Another reason is the industry’s importance to the job market and the wider economy.  Automobile manufacturing directly employs a quarter of a million workers and indirectly about one in ten U.S. jobs are related to some degree to the automotive sector, according to GM estimates.  So the effects of a collapsed U.S. auto sector would not be limited to Detroit – they would be magnified as the ripples spread to related industries.

If we allow U.S. automakers to fail, millions of retirees depending on auto company pensions will be at risk and auto manufacturing jobs will disappear. The ripple effect won’t end there; millions of jobs in related sectors, such as  U.S. manufacturers of steel, aluminum, iron, copper, plastics, rubber, electronics, and computer chips, will also feel the pain.

Worse yet, the promise of a meaningful future for American manufacturing would fade. As that promise dims, the role played by manufacturing jobs as a passport to the middle class would likewise disappear.

The auto manufacturers did not cause this crisis; they were working hard to reinvent the quintessential American invention when high oil prices and economic upheaval hit, dragging them into the vortex. There is a tendency to think that an example must be made, that someone must be allowed to fail.  But do we really need to cut out of the heart of the real economy? When the patient is in the middle of a full blown coronary, it’s no time to discuss lifestyle changes.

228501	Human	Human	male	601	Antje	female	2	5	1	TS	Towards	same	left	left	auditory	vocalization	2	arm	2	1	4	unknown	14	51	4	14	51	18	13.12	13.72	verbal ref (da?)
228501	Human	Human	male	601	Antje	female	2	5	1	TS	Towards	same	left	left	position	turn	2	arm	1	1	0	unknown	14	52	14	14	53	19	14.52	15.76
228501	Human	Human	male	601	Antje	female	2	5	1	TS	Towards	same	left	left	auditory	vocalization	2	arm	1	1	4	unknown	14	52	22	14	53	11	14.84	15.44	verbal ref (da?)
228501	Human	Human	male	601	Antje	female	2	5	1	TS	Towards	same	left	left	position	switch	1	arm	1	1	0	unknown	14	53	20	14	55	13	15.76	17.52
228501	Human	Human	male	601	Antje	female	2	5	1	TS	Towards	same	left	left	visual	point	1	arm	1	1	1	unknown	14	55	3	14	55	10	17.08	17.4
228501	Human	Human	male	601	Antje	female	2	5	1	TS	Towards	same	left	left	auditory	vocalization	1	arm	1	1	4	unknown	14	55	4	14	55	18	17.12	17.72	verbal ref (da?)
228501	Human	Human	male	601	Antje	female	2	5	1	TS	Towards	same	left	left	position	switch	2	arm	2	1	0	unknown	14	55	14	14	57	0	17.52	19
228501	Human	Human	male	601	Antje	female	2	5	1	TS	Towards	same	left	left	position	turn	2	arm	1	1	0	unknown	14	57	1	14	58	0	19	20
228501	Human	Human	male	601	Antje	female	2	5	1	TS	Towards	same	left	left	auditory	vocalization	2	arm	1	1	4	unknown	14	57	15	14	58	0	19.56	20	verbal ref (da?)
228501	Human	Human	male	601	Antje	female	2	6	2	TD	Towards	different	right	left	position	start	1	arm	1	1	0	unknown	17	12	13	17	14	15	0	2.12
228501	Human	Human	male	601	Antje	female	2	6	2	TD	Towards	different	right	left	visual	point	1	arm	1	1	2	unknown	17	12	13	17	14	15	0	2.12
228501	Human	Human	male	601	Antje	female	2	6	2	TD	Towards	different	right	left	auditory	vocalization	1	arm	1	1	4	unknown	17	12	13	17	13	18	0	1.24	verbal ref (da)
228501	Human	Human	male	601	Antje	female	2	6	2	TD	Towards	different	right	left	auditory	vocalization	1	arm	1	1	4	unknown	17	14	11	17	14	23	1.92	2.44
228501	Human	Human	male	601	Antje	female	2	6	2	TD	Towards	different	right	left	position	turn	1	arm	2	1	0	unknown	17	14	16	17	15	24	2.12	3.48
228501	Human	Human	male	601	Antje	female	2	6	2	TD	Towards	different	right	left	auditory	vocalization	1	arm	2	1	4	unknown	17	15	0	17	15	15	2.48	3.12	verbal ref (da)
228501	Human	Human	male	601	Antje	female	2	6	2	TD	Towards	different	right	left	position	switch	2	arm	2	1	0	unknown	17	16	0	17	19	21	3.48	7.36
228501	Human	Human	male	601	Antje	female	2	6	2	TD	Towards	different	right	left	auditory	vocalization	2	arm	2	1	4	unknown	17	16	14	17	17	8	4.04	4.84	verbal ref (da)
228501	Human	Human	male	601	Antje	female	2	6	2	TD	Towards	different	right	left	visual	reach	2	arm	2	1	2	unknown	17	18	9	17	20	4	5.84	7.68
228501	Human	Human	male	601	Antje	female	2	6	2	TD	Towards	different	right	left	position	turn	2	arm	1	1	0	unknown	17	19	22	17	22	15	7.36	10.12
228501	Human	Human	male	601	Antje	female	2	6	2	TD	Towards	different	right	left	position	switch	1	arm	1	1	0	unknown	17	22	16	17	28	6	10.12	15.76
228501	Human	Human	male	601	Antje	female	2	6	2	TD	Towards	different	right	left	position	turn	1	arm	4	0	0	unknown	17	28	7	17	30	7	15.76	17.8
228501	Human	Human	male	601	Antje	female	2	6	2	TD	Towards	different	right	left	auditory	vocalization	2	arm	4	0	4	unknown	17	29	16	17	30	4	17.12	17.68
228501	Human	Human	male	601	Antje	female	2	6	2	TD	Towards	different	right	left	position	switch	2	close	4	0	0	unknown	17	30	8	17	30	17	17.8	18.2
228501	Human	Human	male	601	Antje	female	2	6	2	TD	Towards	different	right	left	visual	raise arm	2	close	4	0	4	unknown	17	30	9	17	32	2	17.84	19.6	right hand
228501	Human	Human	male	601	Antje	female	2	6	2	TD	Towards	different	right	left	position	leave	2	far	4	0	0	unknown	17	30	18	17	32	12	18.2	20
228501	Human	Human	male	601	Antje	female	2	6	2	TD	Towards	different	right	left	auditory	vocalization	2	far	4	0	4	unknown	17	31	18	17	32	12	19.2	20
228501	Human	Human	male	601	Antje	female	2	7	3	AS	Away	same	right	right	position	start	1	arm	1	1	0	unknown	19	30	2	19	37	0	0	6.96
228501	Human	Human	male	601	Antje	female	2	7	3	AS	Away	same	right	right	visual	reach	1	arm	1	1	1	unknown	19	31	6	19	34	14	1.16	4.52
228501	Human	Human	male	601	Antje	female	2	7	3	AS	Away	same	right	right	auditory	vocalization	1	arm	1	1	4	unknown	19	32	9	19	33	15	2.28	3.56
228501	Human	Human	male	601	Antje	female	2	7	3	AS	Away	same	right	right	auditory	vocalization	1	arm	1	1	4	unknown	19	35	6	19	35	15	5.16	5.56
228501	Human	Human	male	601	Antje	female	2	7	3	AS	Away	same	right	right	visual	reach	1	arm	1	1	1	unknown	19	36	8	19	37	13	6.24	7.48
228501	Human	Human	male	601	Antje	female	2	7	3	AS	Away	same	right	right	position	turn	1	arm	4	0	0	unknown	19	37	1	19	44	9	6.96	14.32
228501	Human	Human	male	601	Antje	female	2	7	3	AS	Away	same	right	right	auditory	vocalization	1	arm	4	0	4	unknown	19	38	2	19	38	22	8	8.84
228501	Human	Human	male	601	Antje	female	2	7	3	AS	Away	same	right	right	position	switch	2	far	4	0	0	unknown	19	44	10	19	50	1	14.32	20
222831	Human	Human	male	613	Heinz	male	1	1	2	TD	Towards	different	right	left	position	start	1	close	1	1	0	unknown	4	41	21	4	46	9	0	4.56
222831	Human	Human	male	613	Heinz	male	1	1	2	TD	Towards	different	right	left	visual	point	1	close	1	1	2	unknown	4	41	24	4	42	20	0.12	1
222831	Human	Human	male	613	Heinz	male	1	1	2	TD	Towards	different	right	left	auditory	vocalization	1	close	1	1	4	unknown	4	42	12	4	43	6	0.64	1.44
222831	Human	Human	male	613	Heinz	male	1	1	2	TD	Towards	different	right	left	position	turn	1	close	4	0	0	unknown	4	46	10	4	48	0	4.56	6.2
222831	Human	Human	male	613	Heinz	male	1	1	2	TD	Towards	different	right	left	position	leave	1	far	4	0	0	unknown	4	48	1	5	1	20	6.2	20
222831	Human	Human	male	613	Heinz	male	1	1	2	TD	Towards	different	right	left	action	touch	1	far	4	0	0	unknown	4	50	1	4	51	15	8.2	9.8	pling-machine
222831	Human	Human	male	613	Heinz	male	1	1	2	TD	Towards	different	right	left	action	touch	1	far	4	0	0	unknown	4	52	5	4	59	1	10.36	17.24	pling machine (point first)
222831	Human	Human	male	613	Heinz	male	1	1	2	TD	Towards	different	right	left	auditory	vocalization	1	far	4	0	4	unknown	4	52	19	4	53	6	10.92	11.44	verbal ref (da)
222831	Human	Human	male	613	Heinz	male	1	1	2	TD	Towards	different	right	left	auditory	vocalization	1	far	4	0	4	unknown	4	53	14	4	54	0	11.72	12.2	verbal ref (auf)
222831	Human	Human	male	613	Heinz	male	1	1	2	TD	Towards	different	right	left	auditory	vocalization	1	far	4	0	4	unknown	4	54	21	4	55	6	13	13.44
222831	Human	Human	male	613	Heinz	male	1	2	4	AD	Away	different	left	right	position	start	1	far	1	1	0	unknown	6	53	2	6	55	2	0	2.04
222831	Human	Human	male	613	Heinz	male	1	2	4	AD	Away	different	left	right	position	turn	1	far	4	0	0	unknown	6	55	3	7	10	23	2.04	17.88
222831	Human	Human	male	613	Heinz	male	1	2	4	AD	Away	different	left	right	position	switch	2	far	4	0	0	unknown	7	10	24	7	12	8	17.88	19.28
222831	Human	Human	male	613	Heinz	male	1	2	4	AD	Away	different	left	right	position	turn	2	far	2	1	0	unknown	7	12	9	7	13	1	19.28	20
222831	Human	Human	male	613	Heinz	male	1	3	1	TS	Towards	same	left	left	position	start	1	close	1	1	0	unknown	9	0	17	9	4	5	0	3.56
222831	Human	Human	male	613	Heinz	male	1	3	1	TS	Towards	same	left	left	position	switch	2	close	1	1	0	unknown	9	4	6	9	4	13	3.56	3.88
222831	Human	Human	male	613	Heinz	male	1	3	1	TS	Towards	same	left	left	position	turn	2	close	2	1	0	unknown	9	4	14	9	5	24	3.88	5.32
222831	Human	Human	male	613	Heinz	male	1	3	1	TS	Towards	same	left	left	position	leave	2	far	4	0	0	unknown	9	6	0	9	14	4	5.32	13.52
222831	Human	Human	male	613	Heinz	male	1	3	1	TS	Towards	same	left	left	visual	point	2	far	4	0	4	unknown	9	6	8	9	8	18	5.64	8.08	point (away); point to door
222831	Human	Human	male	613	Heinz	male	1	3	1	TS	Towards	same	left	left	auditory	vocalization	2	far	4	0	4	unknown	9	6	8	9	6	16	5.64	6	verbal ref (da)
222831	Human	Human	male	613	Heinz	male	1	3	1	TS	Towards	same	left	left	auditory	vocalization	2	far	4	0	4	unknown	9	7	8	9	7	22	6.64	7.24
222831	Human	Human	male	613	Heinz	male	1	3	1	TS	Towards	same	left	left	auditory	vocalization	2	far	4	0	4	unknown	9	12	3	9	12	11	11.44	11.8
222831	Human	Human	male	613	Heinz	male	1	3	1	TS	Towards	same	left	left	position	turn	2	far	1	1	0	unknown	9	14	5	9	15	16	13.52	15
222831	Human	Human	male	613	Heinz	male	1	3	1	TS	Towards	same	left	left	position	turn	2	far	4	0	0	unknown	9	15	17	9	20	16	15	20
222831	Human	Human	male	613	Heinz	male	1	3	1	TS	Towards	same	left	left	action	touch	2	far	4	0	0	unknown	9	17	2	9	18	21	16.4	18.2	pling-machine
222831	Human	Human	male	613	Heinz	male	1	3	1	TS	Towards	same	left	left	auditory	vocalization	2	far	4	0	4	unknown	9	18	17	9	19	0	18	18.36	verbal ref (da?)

We can and should revisit subjects like executive pay scales and expense controls when the industry isn’t at death’s door.  For now, we should recognize the gravity of the moment, and use the TARP funds and pass necessary auto-related financial stabilization legislation to avoid digging a bigger hole for the national economy.


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All this hooplah about CEOs and private jets is just a red herring. John said it all in his comment, just read that; perfectly said. As for bankruptcy working as a viable option for the airlines (Eric’s comment), there is one key difference–the average American isn’t buying an airplane. But we do buy cars. Would you feel comfortable buying a car from a bankrupt carmaker? How about getting it serviced and getting parts with the prospect that the manufacturer could disappear shortly? Bankruptcy is not a workable solution. We need to lend a helping hand to the Big 3.